Blunders That Changed History

Blunders That Changed History


Charles Toftoy, author of “Blunn̶ders: Shocking Mistakes That Altered History,” ready for pickleball, which he plays on a regular basis, and competes in in the Northern Virginia Senior Olympics.

“From the Eyes of Coldcase Killers” to self-help books to great blunders of history. Charles Toftoy has just released “Blunn̶ders: Shocking Mistakes That Altered History,” his fifth book.

Toftoy says, “My wife got tired of having me interview homicide detectives. Why don’t you do something to inspire people?” This led to “The Amazing Fireside Talk,” a self-help book with each chapter focused on hope, happiness, denial.

Then this led to the idea of helping people in a different way, by understanding what really happened in history.

Toftoy says he spent six years researching blunders in history. He started with 200 examples and picked 32 blunders, writing a chapter on each. “A blunder is a compilation of many mistakes put together, sort of like an umbrella. The whole purpose is to provide the real truth and unknown facts about events that occurred in history.”

He says, “My favorite one was Nov. 8, 1939, when a carpenter in Germany had built a bomb that just missed killing Hitler. This happened because it was decided Hitler would need to take the train to his annual speech in Munich due to the fog, and the time difference meant the bomb missed blowing Hitler up by 10 minutes. “Just think — millions of lives would have been saved.”

Another example is Exercise Tiger between the British and the United States in 1944 to prepare for the upcoming Normandy Invasion at Utah Beach. But the German subs near the practice location picked up the movement and they destroyed the landing ship tanks and killed 776. It was covered up.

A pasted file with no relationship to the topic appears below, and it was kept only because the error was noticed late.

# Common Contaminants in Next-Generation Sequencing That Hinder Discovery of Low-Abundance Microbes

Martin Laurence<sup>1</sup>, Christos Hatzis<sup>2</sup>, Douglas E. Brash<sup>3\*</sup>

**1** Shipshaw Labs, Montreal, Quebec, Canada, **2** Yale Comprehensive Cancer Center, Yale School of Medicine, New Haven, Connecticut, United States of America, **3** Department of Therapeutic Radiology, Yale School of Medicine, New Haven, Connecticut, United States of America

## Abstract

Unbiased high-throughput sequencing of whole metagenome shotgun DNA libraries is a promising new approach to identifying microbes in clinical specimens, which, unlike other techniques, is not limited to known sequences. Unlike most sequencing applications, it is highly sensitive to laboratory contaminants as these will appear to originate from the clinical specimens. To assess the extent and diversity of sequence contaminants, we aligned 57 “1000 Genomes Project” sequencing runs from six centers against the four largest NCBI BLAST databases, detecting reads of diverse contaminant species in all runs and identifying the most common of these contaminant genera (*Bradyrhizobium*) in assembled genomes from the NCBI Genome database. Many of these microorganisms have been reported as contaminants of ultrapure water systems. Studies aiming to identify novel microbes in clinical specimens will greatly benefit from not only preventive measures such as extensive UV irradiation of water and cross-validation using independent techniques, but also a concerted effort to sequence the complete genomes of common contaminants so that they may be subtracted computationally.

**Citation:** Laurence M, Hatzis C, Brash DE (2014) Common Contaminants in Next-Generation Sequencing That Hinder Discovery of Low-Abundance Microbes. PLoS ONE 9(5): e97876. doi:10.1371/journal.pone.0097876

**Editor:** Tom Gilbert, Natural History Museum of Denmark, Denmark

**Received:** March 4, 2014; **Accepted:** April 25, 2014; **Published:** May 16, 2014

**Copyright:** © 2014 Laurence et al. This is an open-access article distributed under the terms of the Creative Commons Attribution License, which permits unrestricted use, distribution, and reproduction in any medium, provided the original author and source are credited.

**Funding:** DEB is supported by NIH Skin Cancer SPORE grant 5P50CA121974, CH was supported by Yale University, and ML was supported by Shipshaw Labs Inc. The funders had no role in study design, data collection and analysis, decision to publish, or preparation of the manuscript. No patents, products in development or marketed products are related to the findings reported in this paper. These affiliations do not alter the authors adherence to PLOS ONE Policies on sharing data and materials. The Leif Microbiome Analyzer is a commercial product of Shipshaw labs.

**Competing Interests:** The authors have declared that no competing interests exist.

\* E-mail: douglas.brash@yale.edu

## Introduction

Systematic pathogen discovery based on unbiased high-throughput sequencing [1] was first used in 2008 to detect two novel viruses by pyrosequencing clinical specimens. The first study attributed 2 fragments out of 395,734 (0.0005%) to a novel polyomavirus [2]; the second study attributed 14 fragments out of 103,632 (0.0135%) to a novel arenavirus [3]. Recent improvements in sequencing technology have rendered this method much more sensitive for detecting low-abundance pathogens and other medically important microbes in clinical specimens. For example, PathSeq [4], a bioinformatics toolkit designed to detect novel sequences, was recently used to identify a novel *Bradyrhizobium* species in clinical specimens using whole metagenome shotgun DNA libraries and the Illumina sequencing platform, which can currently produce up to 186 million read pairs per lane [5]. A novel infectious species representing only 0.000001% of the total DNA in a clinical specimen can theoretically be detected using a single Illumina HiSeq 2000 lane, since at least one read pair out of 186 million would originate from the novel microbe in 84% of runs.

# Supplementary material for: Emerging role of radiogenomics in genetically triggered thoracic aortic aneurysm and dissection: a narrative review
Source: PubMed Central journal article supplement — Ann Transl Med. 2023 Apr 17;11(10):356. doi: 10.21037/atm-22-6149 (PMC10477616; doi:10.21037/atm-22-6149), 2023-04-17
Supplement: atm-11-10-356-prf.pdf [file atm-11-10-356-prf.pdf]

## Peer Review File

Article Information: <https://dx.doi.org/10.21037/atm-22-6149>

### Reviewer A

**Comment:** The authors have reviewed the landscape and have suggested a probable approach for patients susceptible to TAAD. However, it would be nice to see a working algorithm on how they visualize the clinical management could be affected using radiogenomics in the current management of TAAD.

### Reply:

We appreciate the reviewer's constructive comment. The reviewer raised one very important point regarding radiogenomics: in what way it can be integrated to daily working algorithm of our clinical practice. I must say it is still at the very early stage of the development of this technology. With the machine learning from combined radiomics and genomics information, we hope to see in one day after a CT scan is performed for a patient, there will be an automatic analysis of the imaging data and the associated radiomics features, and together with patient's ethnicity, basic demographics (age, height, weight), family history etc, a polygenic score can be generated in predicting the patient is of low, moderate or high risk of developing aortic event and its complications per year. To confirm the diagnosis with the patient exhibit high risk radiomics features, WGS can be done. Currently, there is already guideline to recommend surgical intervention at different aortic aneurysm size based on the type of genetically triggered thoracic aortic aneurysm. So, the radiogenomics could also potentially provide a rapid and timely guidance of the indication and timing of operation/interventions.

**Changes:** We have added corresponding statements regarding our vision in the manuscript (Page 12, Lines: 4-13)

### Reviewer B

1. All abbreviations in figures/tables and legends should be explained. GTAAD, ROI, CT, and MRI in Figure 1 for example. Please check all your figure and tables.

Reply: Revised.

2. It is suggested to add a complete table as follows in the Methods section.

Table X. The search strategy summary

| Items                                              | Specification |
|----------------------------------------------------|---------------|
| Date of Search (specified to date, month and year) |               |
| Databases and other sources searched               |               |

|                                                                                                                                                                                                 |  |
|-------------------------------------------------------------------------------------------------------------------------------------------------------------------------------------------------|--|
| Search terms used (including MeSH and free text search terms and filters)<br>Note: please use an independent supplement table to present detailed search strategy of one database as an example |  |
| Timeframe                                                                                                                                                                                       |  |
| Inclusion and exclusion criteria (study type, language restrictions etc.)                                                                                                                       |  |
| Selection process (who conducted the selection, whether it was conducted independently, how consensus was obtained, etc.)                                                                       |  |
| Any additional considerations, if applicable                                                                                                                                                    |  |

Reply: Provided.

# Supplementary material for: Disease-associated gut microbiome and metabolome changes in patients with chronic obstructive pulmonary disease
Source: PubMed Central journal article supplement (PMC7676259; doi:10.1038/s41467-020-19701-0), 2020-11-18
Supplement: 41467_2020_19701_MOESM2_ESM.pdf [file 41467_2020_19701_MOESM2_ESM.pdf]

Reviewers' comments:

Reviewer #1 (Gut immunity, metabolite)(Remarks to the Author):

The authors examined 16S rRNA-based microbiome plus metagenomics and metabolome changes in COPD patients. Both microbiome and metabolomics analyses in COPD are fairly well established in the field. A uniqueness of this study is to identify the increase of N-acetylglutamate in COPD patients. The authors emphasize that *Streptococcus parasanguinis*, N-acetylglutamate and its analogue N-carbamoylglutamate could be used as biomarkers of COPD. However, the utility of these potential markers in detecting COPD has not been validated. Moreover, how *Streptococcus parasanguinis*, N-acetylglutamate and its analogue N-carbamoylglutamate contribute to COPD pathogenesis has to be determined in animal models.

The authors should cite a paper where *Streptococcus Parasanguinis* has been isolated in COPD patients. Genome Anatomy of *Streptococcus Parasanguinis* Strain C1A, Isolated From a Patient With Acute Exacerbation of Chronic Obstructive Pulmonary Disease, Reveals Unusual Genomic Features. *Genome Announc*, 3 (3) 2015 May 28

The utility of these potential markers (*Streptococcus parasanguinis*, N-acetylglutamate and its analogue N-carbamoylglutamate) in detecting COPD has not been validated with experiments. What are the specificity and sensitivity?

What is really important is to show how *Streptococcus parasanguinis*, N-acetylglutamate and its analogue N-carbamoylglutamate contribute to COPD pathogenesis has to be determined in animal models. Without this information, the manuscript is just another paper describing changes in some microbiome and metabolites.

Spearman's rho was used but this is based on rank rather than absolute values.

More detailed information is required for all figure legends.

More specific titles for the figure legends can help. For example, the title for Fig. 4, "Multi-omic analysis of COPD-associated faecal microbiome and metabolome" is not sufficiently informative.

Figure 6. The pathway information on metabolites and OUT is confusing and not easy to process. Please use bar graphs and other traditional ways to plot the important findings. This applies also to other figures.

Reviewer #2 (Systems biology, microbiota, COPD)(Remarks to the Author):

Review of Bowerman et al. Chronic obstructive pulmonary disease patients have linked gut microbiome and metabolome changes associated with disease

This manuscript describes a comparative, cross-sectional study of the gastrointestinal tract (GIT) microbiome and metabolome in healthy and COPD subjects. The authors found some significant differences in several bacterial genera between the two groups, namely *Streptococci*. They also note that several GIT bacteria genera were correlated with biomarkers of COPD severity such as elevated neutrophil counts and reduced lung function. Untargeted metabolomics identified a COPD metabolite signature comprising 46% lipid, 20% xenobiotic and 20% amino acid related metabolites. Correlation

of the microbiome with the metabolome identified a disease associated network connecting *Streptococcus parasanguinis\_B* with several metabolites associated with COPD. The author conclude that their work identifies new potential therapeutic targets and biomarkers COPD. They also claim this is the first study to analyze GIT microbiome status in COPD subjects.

“I feel for the people who died there. Their relatives didn’t know what happened to their sons and daughters until 20 years later.”

Toftoy explains that he dug deep for these examples. “I was challenged all the time. If something didn’t sound right, I dug deeper. If you dig to find a body in six feet and it isn’t there, most people stop. But you dig another 6 feet and there it is.” Toftoy says he went to the library, studied in the archives, got top-secret messages from the archives of other countries. If things didn’t agree, he kept going until he was satisfied he had the answer.

Another one of his examples is the Piltdown Chicken. He says scientists have wanted to tie birds and dinosaurs together forever, so when they discovered the long arms and small body of a bird and the vertebra of a dinosaur in China in 1999, they immediately jumped to the conclusion that they had found the missing link. But it was a hoax. “It was the biggest embarrassment in the history of the National Geographic.”

Toftoy brings experience in three sectors to his writing including 10 years in the military, 12 in the corporate world and 17 years as an academic. He was a U.S. army airborne ranger and a highly decorated Vietnam veteran. Toftoy is active in the Wounded Warrior Mentor Program, which he helped establish.

The next step? Back to where he started, more mysteries.